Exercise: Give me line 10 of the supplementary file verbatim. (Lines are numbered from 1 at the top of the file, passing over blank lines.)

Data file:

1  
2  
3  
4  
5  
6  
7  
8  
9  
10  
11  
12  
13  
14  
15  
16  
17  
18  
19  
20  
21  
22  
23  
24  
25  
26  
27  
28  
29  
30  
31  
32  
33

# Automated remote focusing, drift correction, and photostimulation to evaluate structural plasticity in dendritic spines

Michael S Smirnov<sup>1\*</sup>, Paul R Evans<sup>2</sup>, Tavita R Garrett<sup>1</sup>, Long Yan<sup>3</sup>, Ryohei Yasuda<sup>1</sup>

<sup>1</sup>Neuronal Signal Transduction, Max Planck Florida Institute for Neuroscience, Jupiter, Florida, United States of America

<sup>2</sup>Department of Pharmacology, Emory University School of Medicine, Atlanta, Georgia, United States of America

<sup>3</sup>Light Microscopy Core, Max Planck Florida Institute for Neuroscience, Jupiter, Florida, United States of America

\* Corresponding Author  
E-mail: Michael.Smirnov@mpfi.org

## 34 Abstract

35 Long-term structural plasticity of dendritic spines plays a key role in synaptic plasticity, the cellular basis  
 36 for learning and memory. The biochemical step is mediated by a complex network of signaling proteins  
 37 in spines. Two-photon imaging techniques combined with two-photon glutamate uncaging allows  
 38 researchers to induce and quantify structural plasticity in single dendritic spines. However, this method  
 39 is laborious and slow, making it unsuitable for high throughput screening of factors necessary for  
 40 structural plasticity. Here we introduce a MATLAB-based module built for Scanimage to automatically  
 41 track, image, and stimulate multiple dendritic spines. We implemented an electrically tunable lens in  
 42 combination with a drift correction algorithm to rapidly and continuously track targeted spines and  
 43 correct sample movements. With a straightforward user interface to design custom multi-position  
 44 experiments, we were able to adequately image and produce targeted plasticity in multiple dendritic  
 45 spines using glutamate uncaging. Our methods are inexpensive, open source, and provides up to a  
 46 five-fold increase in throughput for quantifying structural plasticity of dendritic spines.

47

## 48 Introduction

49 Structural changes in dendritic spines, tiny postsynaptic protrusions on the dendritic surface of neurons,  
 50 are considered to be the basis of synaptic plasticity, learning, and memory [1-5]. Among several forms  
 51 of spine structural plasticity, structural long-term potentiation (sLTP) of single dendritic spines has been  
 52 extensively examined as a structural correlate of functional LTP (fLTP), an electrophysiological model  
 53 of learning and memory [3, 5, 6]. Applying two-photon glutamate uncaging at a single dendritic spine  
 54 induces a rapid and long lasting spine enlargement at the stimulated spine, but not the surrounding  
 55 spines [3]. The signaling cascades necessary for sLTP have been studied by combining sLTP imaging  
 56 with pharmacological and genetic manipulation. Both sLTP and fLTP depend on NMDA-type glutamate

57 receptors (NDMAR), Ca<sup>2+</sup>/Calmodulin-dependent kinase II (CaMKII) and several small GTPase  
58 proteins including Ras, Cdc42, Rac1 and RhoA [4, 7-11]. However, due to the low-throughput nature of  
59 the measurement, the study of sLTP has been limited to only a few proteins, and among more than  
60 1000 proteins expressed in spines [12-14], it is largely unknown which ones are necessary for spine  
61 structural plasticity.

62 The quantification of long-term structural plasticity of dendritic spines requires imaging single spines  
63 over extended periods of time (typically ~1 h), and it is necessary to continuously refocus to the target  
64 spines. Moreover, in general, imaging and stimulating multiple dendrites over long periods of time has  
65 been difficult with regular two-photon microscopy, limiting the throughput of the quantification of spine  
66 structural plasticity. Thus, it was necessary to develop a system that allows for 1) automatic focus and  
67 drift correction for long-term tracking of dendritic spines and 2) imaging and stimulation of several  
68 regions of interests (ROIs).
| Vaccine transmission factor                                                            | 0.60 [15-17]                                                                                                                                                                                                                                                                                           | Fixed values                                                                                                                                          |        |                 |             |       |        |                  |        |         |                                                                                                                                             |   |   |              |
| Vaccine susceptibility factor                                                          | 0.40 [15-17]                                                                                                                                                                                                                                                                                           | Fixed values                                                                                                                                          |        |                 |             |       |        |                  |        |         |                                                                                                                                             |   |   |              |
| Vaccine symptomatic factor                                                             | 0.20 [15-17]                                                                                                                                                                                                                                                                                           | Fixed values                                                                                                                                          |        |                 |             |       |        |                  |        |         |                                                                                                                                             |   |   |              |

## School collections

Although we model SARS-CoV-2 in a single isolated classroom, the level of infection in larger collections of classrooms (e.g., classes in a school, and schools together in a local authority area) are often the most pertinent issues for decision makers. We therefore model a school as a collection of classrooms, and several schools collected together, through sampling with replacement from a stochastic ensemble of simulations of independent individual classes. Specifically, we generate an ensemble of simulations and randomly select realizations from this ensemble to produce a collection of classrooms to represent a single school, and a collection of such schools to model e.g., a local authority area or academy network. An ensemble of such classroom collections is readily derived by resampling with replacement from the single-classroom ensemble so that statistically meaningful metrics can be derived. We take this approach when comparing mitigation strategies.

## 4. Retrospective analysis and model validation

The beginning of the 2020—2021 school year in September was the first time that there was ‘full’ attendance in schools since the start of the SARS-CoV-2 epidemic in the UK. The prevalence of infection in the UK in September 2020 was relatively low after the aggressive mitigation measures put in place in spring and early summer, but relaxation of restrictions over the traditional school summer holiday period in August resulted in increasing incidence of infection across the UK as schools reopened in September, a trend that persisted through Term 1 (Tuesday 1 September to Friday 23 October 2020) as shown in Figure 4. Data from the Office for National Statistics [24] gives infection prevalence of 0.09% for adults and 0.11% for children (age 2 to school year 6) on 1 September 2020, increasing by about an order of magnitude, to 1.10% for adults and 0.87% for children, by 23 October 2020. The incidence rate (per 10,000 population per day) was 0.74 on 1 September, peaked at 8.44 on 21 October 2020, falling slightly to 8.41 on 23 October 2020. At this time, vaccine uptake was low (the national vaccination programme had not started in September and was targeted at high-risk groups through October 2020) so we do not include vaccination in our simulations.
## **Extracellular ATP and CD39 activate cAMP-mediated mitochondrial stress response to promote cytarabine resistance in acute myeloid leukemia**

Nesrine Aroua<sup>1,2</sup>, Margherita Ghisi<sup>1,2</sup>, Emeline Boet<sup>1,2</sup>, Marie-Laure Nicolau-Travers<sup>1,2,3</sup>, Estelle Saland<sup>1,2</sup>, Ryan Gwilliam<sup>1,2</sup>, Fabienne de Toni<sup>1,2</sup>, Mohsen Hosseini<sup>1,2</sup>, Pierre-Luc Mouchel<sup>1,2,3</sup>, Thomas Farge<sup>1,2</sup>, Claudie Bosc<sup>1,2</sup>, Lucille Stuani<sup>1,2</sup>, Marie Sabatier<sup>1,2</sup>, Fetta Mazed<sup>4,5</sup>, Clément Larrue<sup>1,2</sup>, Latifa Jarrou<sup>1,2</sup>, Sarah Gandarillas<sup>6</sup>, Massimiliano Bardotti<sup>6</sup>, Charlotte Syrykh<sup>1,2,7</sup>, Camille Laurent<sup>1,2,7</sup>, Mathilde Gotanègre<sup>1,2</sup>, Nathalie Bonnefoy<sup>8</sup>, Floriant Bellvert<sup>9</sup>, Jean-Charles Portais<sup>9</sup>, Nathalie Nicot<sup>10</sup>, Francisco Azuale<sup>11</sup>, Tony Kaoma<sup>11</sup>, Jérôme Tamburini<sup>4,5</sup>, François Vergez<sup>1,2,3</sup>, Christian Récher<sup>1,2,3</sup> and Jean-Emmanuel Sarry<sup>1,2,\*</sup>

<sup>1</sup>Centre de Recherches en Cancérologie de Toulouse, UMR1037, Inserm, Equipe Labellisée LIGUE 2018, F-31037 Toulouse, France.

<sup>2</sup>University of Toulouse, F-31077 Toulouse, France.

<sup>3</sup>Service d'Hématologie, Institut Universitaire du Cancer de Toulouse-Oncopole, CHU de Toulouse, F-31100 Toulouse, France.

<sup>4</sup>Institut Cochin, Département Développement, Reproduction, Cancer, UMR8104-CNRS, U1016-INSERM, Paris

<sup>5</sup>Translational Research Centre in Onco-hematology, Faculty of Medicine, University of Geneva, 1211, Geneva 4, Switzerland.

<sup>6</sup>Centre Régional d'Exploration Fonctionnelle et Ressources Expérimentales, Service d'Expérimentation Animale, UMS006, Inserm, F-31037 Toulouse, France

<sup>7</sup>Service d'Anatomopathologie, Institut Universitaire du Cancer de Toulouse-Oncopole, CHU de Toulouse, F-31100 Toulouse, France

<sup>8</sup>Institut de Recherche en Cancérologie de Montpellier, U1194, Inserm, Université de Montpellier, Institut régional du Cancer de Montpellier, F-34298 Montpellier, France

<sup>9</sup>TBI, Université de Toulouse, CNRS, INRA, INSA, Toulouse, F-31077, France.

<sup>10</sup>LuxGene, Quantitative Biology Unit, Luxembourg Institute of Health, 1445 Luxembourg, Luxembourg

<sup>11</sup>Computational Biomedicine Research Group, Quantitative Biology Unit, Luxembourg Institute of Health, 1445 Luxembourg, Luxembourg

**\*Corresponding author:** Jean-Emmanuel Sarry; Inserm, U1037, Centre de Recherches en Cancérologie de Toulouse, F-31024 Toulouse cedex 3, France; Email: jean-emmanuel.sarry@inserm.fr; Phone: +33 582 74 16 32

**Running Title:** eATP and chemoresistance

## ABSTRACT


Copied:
10  